However, I’m sensing a deeper disturbance in the force here. When it comes to Windows Threshold, there’s a palpable aura of anticipation -- a kind of electric expectancy, and its emanating from what I like to call the "Neanderthal set".
Windows 9 can’t come soon enough for Microsoft, as Windows 8.x continues to lose market share, according to the latest usage data from Net Applications.
Last month I reported that in June Windows 8.x had gone into reverse gear, losing market share for the first time, and posed this question -- "Statistical anomaly or downward trend?" It’s too early to call it a "trend" but anyone who expected the tiled OS to make a recovery in July will be disappointed by the latest set of figures. There’s a striking difference this time around too -- both Windows 8 and 8.1 show drops in July. Ouch.
The idea of a closed internet is hardly new; turn your eyes to East Asia, and the Great Firewall of China looms large. The Chinese government is well known for the control it likes to exert over the levels of access its citizens have to the internet, and there have been numerous well-publicized cases of censorship and access being restricted to pages that refer to certain events in the county's history. The country is highly defensive of its image, and goes to great lengths to fight off western influence -- including going as far as banning Windows 8 on government computers lest machines furnished with Microsoft's most recent operating system be used for spying on the People's Republic of China. Now it looks as though Russia could be going down a similar route.
Russian parliament has just passed a law that requires internet companies to store data about Russian citizens within the county's boundaries. The move can be viewed in a couple of ways. It is no secret that the Russian government, and Vladimir Putin in particular, is no fan of social media -- social networks were used by Russians to voice their disapproval at Putin's activities. It is thought that the move to contain citizen's data without Russia is a bid to create a Russian version of China's closed internet.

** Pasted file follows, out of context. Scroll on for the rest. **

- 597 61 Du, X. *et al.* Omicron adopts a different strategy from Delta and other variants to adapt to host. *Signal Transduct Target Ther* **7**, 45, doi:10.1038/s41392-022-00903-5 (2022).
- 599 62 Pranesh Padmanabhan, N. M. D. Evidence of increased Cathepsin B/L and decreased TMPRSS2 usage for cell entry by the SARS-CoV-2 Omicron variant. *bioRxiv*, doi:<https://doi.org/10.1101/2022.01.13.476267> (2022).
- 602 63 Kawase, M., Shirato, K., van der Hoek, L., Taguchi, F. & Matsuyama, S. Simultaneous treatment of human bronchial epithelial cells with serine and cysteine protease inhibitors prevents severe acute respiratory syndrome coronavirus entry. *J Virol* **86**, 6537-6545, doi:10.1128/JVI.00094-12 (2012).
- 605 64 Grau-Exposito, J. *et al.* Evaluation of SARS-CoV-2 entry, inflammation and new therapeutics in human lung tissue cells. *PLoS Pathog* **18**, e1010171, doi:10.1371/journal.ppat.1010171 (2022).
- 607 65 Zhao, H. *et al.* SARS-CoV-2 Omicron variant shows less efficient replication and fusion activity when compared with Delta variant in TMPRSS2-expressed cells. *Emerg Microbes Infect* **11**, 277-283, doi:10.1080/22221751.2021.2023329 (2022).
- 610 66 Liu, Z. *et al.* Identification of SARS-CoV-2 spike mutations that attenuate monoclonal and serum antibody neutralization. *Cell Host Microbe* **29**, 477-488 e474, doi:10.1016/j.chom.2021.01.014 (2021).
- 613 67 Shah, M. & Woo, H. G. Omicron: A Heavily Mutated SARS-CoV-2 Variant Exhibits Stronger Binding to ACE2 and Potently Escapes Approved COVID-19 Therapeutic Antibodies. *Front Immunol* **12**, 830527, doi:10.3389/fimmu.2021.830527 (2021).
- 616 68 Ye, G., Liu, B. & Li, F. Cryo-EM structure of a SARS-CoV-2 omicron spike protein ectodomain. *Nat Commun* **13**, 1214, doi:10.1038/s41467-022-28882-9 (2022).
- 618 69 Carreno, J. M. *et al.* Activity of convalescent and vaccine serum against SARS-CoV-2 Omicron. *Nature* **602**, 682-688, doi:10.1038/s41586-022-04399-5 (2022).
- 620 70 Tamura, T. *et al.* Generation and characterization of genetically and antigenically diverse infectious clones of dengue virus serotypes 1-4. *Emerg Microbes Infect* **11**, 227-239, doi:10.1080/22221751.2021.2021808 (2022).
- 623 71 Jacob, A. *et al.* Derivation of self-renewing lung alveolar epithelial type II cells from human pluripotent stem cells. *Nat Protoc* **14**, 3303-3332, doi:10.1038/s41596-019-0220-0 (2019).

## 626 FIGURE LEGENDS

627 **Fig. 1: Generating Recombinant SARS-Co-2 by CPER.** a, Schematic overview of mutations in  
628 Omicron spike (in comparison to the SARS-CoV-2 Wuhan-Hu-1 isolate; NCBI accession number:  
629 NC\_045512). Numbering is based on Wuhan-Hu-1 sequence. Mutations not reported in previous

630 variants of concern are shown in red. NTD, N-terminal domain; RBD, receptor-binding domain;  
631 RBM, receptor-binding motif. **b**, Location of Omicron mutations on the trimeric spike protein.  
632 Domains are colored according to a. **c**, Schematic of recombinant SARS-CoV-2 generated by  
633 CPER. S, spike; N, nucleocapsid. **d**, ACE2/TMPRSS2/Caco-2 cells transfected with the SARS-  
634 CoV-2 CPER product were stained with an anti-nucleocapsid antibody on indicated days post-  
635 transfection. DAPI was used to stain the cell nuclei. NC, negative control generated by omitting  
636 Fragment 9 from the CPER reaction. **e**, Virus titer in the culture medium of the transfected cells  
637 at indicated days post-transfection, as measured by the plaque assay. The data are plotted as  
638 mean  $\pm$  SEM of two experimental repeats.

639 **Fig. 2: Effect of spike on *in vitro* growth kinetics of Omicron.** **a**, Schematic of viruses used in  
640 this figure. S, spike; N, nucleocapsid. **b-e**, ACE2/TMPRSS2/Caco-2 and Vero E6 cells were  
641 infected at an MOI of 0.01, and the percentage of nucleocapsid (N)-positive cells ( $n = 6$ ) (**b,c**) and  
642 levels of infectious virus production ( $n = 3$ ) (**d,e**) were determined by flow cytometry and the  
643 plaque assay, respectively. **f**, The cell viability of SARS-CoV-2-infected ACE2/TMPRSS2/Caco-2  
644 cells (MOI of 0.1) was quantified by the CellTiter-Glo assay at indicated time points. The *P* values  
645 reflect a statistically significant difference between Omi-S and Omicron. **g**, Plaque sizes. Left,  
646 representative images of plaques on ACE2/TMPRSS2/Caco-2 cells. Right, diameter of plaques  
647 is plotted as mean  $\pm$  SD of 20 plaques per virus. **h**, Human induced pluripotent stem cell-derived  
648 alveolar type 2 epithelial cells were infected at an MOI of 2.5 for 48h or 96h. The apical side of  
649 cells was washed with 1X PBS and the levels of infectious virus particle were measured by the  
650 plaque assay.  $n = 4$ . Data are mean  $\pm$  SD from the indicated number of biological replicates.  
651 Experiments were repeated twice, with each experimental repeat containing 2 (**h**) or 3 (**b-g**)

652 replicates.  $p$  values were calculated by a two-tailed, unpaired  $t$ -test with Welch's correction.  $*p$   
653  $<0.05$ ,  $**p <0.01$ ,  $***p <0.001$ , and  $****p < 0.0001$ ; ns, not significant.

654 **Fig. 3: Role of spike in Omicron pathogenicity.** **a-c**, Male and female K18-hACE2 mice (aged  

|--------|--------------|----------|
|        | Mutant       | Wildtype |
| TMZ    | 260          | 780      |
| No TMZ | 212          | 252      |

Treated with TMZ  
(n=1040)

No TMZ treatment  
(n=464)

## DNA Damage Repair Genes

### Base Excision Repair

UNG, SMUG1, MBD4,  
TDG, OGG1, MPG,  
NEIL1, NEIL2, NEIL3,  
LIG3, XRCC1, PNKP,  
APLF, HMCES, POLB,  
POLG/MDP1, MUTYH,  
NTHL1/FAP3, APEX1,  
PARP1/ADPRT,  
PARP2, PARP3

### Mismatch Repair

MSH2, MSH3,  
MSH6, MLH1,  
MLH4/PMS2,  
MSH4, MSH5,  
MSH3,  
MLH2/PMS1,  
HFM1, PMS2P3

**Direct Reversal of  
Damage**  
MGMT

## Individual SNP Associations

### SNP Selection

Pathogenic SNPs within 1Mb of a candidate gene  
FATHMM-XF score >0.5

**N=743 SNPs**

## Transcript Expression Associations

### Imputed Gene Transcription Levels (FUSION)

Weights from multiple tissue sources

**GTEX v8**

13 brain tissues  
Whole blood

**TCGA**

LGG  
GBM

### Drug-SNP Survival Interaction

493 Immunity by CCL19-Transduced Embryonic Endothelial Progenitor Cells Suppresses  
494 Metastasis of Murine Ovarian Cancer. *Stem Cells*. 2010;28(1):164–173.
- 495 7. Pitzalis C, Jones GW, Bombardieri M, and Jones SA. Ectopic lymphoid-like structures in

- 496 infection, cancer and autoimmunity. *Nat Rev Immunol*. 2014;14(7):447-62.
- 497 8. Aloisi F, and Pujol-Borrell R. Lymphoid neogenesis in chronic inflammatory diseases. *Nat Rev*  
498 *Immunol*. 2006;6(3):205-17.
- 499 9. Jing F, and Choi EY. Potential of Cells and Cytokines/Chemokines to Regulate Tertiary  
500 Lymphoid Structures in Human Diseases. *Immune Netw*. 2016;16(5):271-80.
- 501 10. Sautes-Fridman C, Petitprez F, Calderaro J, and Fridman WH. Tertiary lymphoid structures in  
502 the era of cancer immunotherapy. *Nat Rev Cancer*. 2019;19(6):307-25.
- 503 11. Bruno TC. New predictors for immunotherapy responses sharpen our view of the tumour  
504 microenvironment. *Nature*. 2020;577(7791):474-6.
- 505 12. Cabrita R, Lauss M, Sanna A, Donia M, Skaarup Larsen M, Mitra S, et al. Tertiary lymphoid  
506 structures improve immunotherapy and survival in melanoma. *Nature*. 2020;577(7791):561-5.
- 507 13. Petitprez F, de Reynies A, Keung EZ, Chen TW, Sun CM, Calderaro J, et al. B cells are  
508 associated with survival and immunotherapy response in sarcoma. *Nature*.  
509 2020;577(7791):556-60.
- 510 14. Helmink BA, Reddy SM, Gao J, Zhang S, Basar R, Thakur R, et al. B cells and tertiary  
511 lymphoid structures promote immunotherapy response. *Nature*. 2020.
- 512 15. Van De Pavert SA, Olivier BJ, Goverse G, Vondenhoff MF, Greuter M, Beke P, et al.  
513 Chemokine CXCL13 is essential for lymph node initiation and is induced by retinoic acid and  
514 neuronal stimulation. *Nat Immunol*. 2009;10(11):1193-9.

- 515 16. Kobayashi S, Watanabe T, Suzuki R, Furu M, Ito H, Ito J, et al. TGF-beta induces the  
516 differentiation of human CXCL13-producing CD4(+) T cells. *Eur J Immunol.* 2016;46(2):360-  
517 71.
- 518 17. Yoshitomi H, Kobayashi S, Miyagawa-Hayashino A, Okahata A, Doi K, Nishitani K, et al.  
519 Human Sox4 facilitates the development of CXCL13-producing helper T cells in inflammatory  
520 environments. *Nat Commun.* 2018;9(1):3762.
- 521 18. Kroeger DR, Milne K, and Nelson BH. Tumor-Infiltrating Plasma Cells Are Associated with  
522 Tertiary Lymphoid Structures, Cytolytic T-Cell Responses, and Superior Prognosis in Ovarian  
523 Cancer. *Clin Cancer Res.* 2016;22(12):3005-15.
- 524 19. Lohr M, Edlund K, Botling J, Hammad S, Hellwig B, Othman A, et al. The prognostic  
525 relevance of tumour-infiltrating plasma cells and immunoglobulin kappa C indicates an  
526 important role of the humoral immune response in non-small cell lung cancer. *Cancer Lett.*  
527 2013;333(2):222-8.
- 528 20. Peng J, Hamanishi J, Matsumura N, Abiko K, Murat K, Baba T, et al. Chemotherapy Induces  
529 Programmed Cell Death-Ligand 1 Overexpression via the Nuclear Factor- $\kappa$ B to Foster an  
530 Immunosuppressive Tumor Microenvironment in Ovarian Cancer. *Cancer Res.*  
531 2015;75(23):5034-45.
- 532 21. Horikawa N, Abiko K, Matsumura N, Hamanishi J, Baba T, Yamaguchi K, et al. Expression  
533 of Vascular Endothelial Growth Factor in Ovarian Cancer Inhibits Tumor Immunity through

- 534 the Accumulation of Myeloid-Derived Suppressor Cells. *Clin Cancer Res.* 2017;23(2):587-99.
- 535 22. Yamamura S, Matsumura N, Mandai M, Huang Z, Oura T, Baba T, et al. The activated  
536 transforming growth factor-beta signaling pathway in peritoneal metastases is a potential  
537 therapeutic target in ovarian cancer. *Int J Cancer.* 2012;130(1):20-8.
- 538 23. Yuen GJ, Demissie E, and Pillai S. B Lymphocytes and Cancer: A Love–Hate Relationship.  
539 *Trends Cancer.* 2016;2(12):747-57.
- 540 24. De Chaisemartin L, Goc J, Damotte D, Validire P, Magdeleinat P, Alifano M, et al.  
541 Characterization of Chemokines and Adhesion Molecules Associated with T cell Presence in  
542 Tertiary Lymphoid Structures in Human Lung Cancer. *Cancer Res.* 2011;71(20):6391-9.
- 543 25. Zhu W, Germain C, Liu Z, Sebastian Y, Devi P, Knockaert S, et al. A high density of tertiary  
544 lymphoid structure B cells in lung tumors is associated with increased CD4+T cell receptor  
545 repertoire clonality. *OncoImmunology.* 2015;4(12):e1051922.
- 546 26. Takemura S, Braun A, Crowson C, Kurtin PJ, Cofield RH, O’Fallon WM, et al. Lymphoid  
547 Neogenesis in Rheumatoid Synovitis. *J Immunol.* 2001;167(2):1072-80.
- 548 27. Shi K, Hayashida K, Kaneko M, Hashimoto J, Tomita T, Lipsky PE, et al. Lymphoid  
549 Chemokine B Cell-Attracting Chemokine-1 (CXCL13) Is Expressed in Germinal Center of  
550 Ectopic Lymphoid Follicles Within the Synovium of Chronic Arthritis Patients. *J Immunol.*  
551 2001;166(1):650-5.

Take a look at the monthly market share stats for Windows and you’ll see a good proportion of Windows 8.x users are still on the original version of the tiled OS. For some it’s a matter of choice, for others it’s because they simply can’t update to Windows 8.1.
A large number of users have experienced the dreaded Blue Screen of Death when attempting to perform the update to Windows 8.1, which has resulted in them being unable to complete the process. Fortunately, Microsoft has a fix to address the issue.
Like Windows Phone, Windows 8.x does not get anywhere near the same level of attention as its more popular rivals, Android and iOS, receive from top developers. Still, the app selection has slowly gotten better, thanks in no small part to third-party offerings, reaching the point where it ticks all the right boxes for casual users.
But, Windows Store is also seeing improvements in its selection geared towards professionals. The latest major Modern UI offering to greet Windows 8.x is Autodesk's AutoCAD 360, which arrives as a free preview. This is a huge win for the platform.
I’ll be honest, although Windows 8.x losing market share is a shocking state of affairs -- and a new low for an operating system which has struggled since launch -- it’s something that’s been coming for a while. Windows 8 has been dropping share since Windows 8.1 arrived, and Windows 8.1 has been growing at such a glacial pace it was only a matter of time before the losses outweighed the gains, and that’s exactly what happened in June according to NetMarketShare.
In a month where Windows 7 and Windows XP -- the OS that refuses to die -- both gained market share, "new Windows" shifted into reverse gear and began shedding users.
"Abandonware". It’s the scourge of the industry. Every time a vendor abandons a software product, a puppy dies. Or an orphan. Or a Java developer.
Regardless, nobody likes to see their favorite app/game/platform get left behind. It’s the worst kind of techie betrayal. You spend days, weeks or even months mastering a product only to have the virtual rug pulled out from under you.